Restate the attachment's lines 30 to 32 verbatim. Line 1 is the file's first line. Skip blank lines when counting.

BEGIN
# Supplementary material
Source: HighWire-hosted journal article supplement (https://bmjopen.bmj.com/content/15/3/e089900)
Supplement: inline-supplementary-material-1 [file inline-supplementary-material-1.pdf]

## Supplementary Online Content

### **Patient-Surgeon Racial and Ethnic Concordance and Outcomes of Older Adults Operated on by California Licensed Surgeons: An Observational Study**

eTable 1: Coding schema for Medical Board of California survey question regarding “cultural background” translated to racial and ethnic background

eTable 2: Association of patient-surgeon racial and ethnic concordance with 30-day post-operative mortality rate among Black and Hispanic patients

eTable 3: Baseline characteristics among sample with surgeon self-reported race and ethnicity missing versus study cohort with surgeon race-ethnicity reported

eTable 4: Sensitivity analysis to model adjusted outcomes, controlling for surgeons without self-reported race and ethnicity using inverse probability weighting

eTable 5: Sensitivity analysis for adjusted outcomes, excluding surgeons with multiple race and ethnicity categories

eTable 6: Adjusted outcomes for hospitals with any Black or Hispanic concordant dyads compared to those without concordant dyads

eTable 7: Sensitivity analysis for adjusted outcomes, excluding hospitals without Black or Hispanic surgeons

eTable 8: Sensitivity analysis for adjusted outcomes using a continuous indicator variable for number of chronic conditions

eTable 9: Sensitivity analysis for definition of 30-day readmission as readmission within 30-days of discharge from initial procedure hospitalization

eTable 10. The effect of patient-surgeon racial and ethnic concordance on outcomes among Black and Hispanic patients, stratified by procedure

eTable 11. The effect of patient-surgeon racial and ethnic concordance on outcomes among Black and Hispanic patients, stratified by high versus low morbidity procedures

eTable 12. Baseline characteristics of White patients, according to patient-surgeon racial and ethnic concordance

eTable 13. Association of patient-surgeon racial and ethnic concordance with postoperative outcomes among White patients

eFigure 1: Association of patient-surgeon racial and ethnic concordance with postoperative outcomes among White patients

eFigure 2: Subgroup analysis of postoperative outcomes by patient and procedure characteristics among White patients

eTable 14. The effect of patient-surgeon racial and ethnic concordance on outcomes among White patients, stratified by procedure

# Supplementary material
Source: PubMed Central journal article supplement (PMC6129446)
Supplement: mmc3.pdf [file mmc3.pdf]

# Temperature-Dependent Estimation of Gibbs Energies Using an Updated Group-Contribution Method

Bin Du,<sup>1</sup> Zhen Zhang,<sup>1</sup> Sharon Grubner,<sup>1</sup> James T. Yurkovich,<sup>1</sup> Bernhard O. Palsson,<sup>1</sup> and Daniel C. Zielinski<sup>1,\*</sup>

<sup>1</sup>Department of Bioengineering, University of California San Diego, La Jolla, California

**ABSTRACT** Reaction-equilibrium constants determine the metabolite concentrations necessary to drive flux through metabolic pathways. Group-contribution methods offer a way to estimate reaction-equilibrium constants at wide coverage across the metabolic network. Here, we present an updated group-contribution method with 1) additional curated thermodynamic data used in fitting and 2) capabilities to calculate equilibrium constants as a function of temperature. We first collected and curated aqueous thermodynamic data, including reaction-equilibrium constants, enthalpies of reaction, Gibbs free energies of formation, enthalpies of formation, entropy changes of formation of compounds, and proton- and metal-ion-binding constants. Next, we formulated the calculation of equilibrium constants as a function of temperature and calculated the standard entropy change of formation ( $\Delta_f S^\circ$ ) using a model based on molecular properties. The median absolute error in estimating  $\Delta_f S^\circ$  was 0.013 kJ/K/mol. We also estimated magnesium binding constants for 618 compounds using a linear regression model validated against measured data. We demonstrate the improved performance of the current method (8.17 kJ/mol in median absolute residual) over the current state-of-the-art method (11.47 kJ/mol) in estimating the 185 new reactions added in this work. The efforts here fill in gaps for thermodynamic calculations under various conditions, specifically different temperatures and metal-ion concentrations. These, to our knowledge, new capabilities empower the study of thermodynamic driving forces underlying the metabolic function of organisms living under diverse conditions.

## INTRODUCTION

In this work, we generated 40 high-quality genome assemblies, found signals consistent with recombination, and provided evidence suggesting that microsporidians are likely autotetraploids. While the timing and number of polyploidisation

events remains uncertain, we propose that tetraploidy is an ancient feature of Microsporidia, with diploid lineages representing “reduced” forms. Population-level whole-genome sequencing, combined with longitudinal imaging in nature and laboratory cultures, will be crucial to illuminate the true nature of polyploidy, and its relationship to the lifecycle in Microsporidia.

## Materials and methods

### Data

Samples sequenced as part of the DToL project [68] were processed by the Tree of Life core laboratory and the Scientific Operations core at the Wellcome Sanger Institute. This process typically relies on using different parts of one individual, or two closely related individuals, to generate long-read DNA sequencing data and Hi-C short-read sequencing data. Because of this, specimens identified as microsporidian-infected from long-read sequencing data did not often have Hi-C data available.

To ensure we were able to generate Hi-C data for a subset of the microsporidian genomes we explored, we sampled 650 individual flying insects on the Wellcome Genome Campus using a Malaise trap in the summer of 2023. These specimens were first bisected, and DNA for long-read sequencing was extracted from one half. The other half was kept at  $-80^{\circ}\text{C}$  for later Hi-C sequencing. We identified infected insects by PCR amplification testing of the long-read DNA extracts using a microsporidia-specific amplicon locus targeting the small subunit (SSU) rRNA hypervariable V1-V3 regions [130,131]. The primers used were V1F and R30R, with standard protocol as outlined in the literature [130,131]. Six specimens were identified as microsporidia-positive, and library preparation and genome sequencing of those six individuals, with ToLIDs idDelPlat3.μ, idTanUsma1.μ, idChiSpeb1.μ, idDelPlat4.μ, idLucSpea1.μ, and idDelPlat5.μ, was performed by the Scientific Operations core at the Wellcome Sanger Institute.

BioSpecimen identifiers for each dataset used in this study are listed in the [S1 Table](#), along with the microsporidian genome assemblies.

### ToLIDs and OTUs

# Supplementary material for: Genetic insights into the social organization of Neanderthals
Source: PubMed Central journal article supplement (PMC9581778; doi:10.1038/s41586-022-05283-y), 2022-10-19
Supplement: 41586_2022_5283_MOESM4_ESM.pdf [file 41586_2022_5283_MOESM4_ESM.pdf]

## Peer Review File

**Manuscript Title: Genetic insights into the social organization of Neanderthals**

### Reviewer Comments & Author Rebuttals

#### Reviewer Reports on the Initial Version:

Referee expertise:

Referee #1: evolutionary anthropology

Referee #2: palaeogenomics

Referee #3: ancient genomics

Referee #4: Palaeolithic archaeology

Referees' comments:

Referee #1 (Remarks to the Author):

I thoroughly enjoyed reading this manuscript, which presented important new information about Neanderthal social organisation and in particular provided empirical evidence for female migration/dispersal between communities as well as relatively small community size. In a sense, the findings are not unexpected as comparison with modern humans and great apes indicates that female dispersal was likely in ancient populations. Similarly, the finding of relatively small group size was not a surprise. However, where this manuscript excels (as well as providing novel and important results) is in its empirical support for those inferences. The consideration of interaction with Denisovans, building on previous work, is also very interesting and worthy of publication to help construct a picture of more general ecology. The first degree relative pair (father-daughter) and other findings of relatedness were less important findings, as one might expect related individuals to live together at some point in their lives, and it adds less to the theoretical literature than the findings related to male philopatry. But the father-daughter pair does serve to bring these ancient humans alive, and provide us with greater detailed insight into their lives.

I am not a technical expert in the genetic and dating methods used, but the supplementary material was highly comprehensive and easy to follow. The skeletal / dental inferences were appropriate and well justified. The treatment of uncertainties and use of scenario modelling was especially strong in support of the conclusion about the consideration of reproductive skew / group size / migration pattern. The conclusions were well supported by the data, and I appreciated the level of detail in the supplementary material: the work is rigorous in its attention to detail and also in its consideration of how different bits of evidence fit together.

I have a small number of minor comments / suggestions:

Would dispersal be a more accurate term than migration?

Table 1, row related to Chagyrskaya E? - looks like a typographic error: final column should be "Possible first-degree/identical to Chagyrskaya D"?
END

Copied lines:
In this work, we generated 40 high-quality genome assemblies, found signals consistent with recombination, and provided evidence suggesting that microsporidians are likely autotetraploids. While the timing and number of polyploidisation

events remains uncertain, we propose that tetraploidy is an ancient feature of Microsporidia, with diploid lineages representing “reduced” forms. Population-level whole-genome sequencing, combined with longitudinal imaging in nature and laboratory cultures, will be crucial to illuminate the true nature of polyploidy, and its relationship to the lifecycle in Microsporidia.

## Materials and methods